When did you transition into photographing landscapes and Astrophotography? Did you find anything challenging or easy?
When seeing images of the night-sky, I am always impressed by images of deep-space; to areas of the universe requiring both large amounts of image acquisition and data.
For me though I wanted to take photographs, which were unique to me. This is why I became a Landscape Astrophotographer. I wanted something that would challenge me and keep me on my toes! This process happened during my degree; I remember the look on my tutors faces having never seen a student pursue Astrophotography before. It was new to them and dare I say it, somewhat cutting-edge.
I remember some of my earlier shots in an attempt to capture the Milky Way and never being quite satisfied with my results. You would see images from other Photographers of what seemed like ‘explosive’ amounts of detail. Only to find they were photographed from some of the darkest skies around the world. Even to this day, I have taught myself not to put pressure on myself. As artists, we know what things look like, and I came to terms that my homelands of The Mendip Hills are impacted by minimal light pollution from the nearby cities of Bristol and Bath and even so, I wanted to show my homelands of The Mendip Hills and Somerset in the best light.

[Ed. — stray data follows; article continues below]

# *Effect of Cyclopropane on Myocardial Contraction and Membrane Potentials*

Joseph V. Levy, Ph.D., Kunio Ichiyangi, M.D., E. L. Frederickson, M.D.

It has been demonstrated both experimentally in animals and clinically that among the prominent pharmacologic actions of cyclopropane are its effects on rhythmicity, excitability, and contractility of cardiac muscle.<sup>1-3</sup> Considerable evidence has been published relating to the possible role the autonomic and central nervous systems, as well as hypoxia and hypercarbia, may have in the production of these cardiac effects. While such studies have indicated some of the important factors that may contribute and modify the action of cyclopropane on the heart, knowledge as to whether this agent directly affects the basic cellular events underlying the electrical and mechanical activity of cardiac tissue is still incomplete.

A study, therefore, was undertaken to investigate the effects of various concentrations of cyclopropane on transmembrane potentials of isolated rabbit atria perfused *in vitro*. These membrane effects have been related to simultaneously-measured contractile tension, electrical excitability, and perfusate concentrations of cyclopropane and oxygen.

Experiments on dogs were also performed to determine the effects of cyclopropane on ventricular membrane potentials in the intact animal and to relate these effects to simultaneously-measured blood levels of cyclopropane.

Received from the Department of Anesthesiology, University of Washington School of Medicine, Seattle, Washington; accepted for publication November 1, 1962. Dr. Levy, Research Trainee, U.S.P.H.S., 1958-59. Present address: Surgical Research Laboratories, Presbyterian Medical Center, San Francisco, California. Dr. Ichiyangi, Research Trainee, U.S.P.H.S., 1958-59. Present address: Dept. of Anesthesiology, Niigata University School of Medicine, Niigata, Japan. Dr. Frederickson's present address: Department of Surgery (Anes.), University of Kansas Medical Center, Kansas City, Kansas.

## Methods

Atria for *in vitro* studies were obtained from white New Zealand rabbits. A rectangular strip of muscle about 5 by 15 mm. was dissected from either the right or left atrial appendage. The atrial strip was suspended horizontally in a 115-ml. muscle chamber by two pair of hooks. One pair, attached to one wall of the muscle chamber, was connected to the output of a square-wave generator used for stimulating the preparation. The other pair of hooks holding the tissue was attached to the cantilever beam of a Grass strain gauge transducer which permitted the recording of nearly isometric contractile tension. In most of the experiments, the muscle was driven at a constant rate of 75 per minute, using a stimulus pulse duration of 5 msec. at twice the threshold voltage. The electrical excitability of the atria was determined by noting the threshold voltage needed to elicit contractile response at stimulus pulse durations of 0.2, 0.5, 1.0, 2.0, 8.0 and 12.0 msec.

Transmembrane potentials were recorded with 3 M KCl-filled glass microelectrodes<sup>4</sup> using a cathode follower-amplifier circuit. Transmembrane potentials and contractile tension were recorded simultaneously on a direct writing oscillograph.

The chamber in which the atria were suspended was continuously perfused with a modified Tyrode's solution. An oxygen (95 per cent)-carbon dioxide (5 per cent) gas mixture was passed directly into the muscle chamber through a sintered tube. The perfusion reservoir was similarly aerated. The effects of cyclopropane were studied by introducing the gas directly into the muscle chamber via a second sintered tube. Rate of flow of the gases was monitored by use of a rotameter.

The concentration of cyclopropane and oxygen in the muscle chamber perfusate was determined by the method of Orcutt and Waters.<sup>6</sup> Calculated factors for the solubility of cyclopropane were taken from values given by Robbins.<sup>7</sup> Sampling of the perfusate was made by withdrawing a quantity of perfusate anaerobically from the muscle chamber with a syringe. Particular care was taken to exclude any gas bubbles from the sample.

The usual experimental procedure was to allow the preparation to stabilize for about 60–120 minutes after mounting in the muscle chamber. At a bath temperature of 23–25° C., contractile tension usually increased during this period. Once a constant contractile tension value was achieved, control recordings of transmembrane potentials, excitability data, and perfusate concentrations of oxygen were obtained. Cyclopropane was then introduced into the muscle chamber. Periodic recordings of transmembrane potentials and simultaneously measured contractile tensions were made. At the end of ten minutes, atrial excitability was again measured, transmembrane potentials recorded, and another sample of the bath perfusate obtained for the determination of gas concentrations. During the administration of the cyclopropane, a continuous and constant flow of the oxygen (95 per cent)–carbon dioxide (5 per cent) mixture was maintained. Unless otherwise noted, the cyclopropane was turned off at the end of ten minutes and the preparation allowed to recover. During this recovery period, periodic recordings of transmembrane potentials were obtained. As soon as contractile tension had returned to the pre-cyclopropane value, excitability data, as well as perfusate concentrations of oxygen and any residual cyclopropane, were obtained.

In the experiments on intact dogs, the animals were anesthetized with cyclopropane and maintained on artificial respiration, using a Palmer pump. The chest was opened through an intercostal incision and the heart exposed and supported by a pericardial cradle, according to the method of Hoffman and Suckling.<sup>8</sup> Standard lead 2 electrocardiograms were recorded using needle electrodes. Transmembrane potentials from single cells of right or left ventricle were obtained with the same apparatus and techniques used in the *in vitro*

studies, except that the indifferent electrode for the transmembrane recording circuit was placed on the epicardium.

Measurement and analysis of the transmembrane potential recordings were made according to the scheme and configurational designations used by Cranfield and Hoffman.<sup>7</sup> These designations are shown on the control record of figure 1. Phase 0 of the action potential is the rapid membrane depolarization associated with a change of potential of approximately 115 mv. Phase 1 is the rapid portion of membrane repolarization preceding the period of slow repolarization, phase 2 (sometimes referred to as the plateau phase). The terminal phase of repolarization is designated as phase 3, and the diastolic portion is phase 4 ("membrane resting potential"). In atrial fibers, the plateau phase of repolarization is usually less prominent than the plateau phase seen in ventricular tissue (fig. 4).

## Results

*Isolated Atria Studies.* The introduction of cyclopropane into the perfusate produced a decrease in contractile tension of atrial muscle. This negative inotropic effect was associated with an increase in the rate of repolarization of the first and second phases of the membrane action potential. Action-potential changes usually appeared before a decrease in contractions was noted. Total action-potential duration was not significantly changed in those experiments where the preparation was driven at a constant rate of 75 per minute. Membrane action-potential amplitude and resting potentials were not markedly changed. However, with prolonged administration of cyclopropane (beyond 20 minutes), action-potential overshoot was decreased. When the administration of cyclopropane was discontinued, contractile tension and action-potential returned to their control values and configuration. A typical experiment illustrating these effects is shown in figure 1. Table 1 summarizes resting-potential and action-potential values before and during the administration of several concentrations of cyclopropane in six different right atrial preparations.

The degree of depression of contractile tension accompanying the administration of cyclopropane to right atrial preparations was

So I learned I needed to travel more if I wanted to see these celestial events; I would need to make my way to the other side of the country and overseas when required, to catch a glimpse of these celestial wonders. Gradually, it is a process you work on and everyone takes photographs in different ways; no two photographers are the same. So when I see heavily-photographed locations, I think to myself; what is it I want to capture that is unique compared to other Photographers? I want my voice to be heard.
What are you thinking when you are capturing the night sky?